Nigeria To The Dogs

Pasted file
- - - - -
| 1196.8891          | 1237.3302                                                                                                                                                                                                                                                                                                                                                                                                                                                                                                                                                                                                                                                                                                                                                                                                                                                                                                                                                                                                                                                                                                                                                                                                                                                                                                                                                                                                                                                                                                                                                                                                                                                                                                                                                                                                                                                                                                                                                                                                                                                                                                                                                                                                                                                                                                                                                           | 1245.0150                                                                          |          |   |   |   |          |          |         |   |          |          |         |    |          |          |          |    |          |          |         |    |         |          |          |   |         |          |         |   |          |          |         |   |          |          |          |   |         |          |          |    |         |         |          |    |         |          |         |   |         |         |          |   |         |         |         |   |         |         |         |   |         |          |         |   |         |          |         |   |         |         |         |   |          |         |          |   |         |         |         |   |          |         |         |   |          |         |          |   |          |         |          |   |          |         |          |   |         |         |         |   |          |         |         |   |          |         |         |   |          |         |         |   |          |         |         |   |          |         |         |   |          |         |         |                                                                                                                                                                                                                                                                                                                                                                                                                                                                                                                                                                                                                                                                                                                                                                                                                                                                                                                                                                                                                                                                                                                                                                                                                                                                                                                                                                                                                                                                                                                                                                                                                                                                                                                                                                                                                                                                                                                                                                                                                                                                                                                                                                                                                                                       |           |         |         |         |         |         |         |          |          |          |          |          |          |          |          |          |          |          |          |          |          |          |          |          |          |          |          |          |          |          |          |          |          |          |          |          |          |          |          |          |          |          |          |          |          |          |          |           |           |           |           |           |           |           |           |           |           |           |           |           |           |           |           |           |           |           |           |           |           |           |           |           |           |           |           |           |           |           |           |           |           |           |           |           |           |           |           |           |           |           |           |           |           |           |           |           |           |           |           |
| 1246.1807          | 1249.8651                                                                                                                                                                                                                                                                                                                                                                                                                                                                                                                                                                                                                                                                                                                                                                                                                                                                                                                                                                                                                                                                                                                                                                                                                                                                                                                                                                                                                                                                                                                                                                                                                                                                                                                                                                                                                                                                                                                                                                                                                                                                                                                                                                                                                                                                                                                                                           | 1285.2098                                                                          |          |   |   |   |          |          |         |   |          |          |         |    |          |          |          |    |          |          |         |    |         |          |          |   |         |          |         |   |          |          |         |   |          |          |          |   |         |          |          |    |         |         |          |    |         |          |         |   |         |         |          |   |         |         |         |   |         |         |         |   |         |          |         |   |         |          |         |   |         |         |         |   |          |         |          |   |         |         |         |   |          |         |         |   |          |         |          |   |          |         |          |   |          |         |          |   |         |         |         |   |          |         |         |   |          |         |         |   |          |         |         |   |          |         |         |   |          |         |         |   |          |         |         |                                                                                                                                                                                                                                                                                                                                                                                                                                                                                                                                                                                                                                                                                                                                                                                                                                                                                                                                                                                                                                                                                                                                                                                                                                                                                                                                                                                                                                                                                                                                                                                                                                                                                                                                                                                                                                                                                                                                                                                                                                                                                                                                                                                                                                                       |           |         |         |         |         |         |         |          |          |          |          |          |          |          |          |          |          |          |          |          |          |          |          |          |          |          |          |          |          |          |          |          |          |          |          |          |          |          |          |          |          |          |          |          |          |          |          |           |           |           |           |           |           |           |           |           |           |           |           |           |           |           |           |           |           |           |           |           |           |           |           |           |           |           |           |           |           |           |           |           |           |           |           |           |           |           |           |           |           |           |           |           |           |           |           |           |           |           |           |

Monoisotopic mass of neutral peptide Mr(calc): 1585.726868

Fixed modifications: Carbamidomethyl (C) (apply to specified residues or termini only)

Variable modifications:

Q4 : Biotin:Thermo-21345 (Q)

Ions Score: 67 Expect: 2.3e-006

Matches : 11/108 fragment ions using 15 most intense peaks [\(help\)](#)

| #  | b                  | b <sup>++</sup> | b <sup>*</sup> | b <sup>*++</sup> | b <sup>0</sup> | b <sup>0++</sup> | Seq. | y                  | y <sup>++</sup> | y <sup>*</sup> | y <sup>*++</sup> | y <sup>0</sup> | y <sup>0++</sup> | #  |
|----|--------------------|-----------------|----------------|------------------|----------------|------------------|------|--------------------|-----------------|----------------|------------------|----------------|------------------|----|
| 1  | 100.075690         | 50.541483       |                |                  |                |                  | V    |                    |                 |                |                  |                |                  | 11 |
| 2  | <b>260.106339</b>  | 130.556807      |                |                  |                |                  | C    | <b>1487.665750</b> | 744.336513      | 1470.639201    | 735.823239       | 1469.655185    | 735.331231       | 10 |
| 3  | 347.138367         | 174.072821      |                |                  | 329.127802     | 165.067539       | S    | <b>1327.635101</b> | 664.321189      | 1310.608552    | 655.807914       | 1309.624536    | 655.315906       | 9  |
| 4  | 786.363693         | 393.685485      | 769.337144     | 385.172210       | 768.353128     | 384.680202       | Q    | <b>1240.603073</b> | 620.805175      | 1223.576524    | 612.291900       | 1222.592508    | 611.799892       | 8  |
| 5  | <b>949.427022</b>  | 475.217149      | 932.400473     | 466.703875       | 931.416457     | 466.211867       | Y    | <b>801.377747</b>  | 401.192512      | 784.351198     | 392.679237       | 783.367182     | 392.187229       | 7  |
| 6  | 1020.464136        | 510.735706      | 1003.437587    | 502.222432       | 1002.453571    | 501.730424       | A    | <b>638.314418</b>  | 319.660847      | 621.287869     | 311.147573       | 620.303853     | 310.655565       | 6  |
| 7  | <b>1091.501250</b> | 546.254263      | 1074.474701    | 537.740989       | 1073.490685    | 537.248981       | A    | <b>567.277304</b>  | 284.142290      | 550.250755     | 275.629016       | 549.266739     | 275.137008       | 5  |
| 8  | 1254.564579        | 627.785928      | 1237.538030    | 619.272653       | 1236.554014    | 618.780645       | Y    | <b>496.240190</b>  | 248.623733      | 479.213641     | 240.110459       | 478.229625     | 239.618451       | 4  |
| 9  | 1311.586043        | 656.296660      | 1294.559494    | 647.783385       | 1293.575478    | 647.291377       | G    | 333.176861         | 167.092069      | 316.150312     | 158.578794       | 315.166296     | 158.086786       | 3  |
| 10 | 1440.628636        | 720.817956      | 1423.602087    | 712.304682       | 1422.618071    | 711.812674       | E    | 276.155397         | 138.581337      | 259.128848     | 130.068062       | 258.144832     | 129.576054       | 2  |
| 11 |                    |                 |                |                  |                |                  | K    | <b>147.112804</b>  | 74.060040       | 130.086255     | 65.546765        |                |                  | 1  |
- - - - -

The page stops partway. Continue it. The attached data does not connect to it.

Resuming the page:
A few days ago Kadaria Ahmed released a voice note, she addressed to owners/proprietors of media organizations in Nigeria, asking them to work towards stemming the tide of incisive headlines stories being rolled out by their outfits. Warning that if the current trajectory is maintained, the country might become another Rwanda in just a matter of time. Since her submission, she has as much admitted (on Jimi Disu' radio show where she was a guest by phone) that she'd put herself offline, while many noticed that she's also deactivated her account on twitter. The reason for this may not be far fetched, as many claim that more people would've solidarized with her, had she done the needful when she had the opportunity in 2019, to ask the incumbent president and his vice, searching and thoughtful question, even after their perceived woeful initial outing. Rather she bottled up, and saved her salvos for the opposition candidates, who many thought should've been given a benefit of the doubt. Interestingly, when this was raised at Jimi's "THE DISCOURSE" yesterday morning, by one of the callers, he sternly retorted that the message should be considered over the messenger, and moved on to other callers who had nothing but brash words for Nigeria's press, for their role in inflaming the seething anger amongst the populace against certain groups in the society. Why is this message coming at this time? It is because the most vocal of the Nigerian media space seem to have turned its back on the government. They appear to have done this because of the security situation in the country, that has now gotten to their doorstep. When it was far away in the northeast they helped to cover up stories of the carnage that was going on there, harping mainly on the efforts of government to fight the insurgents there to a standstill. They were monitoring the progress of the procurement of Super Tucano aircraft from the United States (for instance) that we were told the government had paid for but is yet to be delivered to date. They even served as bulwark to the government, from those insisting that the government rejigged the security apparatus, claiming that apart from the fact that it was skewed to favour a section of the Nigerian regions over others, the top echelon were occupied by officers who were past their retirement dates. What they purveyed was that such a change just for the sake of it, would amount to not so much, forgetting that military careers and experiences of those below the very top were being frittered away for no just cause, and that even though those officers may also be involved in the prosecution of the war against insurgency, they may be doing so very demoralised, with its subsequent trickle down effect. Even when the so called banditry in the Northwest was gaining momentum, it took days on social media before the news finally made headlines in the so called Lagos - Ibadan media, because they didn't want to rock the boat of the government they helped put in power. The North Central and Middle Belt states had already mastered the use of social media to relay their stories, so much so that they couldn't be ignored by the media any longer. From there, the Southeast received also their own dose of the menace, especially in the states bordering the middle belt, and still the media just had enough time to make it part of their news bulletin. The only region that seemed to have escaped much of the experiences of the other regions seem to be the coastal parts of the Niger Delta, maybe because there isn't much arable land there, or the fear of an equally well armed militant culture of the region, though the upland states in the region are also bearing the brunt of the menace, just like any other affected state in Nigeria. That is, the invasion of farming communities by Fulani herdsmen seeking pasture for their cattle on the one side, and the Fulani militia usually in the wake, to avenge instances of cattle rustling, or deal decisively with communities for complaining or reacting to damages done to their livelihoods by cattle traversing their farmlands, or for turning their forests into hideouts and havens for kidnappers and armed robbers, aided by spokesmen of an arm of the cattle breeders association, which serves as their voice to the world, spewing rhetoric for which spokespersons of other groups could find themselves jailed for daring to think such thoughts alone. What changed is the fact that when the Southwest, was met with the same challenges, it was only but a matter of time before the narrative changed. They trashed the talk of reporting the news without particularly resorting to ethnic profiling, like they were doing when the other parts of Nigeria seemed to be under attack. They shelved the words, "unknown gunmen", "herders/farmers clashes" (even when the so called farmers were women and children in their sleep, some in major towns, away from farmlands, as with Benue State), "bandits" etc. These ones began to call it as they saw it, Fulani Herdsmen, and started pointing to a report that placed the Fulani militia as one of the groups to be dreaded, according to the World's Terrorism Index, not just in Nigeria but the whole West African Region. Soon enough, questions as to the continued existence of Nigeria began to be asked, followed by actions by Sunday Igboho who saw himself as an activist fighting the cause of the Yoruba, now at the mercy of those whom their political leaders have continually failed to shield them from. Then Shasha in Oyo State happened, leading to an Exodus of people of Northern Nigerian origin in the area, followed by the intervention by their governors to the west to douse tensions. This is the background to Kadaria's reaction, which must have followed from the vitriol online by frustrated Nigerians, who have grown tired of the seeming insensitivity of the central government, who control the security apparati and apparatchiks (skewed in favour of the North under this administration), to their plight. It was not surprising therefore that setting up of local security organisations by governments in the southwest (Àmọ̀tẹ́kùn), and that by a secessionist group in the southeast (ESN), amongst other set-ups across the country became a thing, because the security agencies only appeared after a carnage has been unleashed on hapless Nigerians (despite intelligence and information sometimes provided by locals to those concerned way before the unfortunate events occur), to count the dead (then report lower numbers of casualties), before moving same to morgues, or straight on for mass burials, with the state doing nothing to honour the dead, not even as much as mentioning their names, rather just adding them to the numbers of the victims failed by their country, with their rulers' perceived penchant to not prioritise the security and welfare of the citizens, as the primary responsibility of government. Following the recent unrest in some parts of the Southwest, and the bad press the Fulani have been receiving in recent times, #TheNorthRemembers began to trend on twitter, gladly till now calm heads have continued to persist there despite what could be termed provocations, especially of forced evictions from the south by those who want their lands back from herders who had paid nothing to be there in the first place. These ones posit that just as southerners in the North pay for accommodation and space to run their businesses, so also must the herders down south should so do. Maybe one of the reasons the North has been calm is because they also are facing security challenges, a deadlier one more so, such that the tribes closest even to the Fulani are beginning to review their relationship, from which they seem to be hardly benefiting from. Not many of them seem to support what the Fulani, especially those from outside of Nigeria are doing. These ones on rampage seem to be acting out a script, like one with a promissory note, with the intention to claim the compensation thereof to the fullest. Sadly, even though the government acknowledges the influx of dangerous elements through Nigeria's Northern borders, some of its officials have at one time or the other practically asked Nigerians to accommodate them, even let go of their lands for the sake of their lives, and most recently (last week) in the face of rocket launcher - wielding bandit /kidnapper videos of abducted students of Government Science Secondary School in Kankara (moments after travellers in another part of the state were abducted), Niger State, the Minister of Defence asked that Nigerians quit playing cowards, and fight back, and I ask, with what? Road travel to and within the North (as with the South too, with extortion by road block mounting police, soldiers, customs, road safety officials etc), is done these days, only with the travellers hearts in their mouths, with each day replete with the most horrifying of news items from the region, and security forces almost helpless in policing effectively the vastness that is the North. There was a time policemen made their names by bringing kidnap and robbery kingpins to book in the South, today in the North they are people who are negotiated with and treated with kids gloves apparently. Doing photo-ops with Governors and with Islamic Clerics has now become a thing with so called bandits, not anymore with the brightest student in school, or with innovators, or with those who've made the state proud in their field of endeavours. There's even talk of amnesty for kidnappers in the North, just like it was done with the Niger Delta militants who were then in a struggle with the Federal Government owing to the degradation of their environment from oil exploration and exploitation a few years back. So, as it is, the country seems to have been bound to the Philistines (a là Jimi Disu) and thrown to the dogs, it would appear. The bandits that can't be located by the intelligence units, and the security agencies, are the same ones daringly posting videos of abducted students, their teachers and members of their family, with their environment and surroundings not edited out, while critics of government are geolocated using the latest technology to smoke them out for arrest and subsequent detention. Also, these bandits are also easily located by those who want to negotiate the release of their captives, even while the security forces are combing the so called forests of grassy savannah looking for the same bandits. This is why banditry is a growing business up North, and there are no signs of the trend abating, even as the government at state and federal level insists it doesn't pay ransoms for release of those abducted by bandits, kidnappers or whatever names they go by these days. It would appear that the North is drinking from the beer it's been brewing over the years, in not taking the education of its children seriously, in unbridled procreation (which though provided political gains, especially as regards underaged voting), the Almajiri phenomenon, unemployment and unemployable youth population, and the problem of illicit drug use amongst other ills. Political power, which is usually at the core of considerations, have yielded little to nothing in improving the life of the common and average Northerner, especially in the Eastern and Western part of it. Discontent fueled by religious fanaticism birthed the Islamists, and in recent times morphed into hideous forms that is difficult to link with any formally expressed ideology, which begs the question as to what would be gained beyond the pecuniary, should the amnesty thus advanced in some quarters among the Northern elite, is considered a bargaining chip and positively responded to. What groups exist (apart from those that have been there), and which will be satiated, and whether it will be all encompassing remain a question that's yet to be answered, since it appears that there hardly is any political will to engage these terrorists in the name of bandits in the North, in any form of combat. It is instructive to note that while the situation in the North is beginning to look like a game of "jẹ kí'n jẹ" between the security forces and security threats, with periodical videos from the airforce aiming at targets released, many times with visuals that look like they are showing the same coordinates, and pictures but stated to mean of different theatres of the war on terrorist Islamist and bandits; the show is as real as it gets in the Southeast where the police and military are involved in street warfare right in the middle of town, against the Eastern Security Network, ESN set up by IPOB's Nnamdi Kanu to rid the east of marauding herdsmen, whose activities governors in the southeast simply mull over, but largely hesitating to do anything tangible about. Interestingly, this group was declared a terrorist group and proscribed when they were armless and engaged only in peaceful protests, while groups with evidence of bloodletting in the North remain to this day, even more ferocious than ever, without such a designation. 'kovich PICTURE CREDIT: - - - NIGERIA TO THE DOGS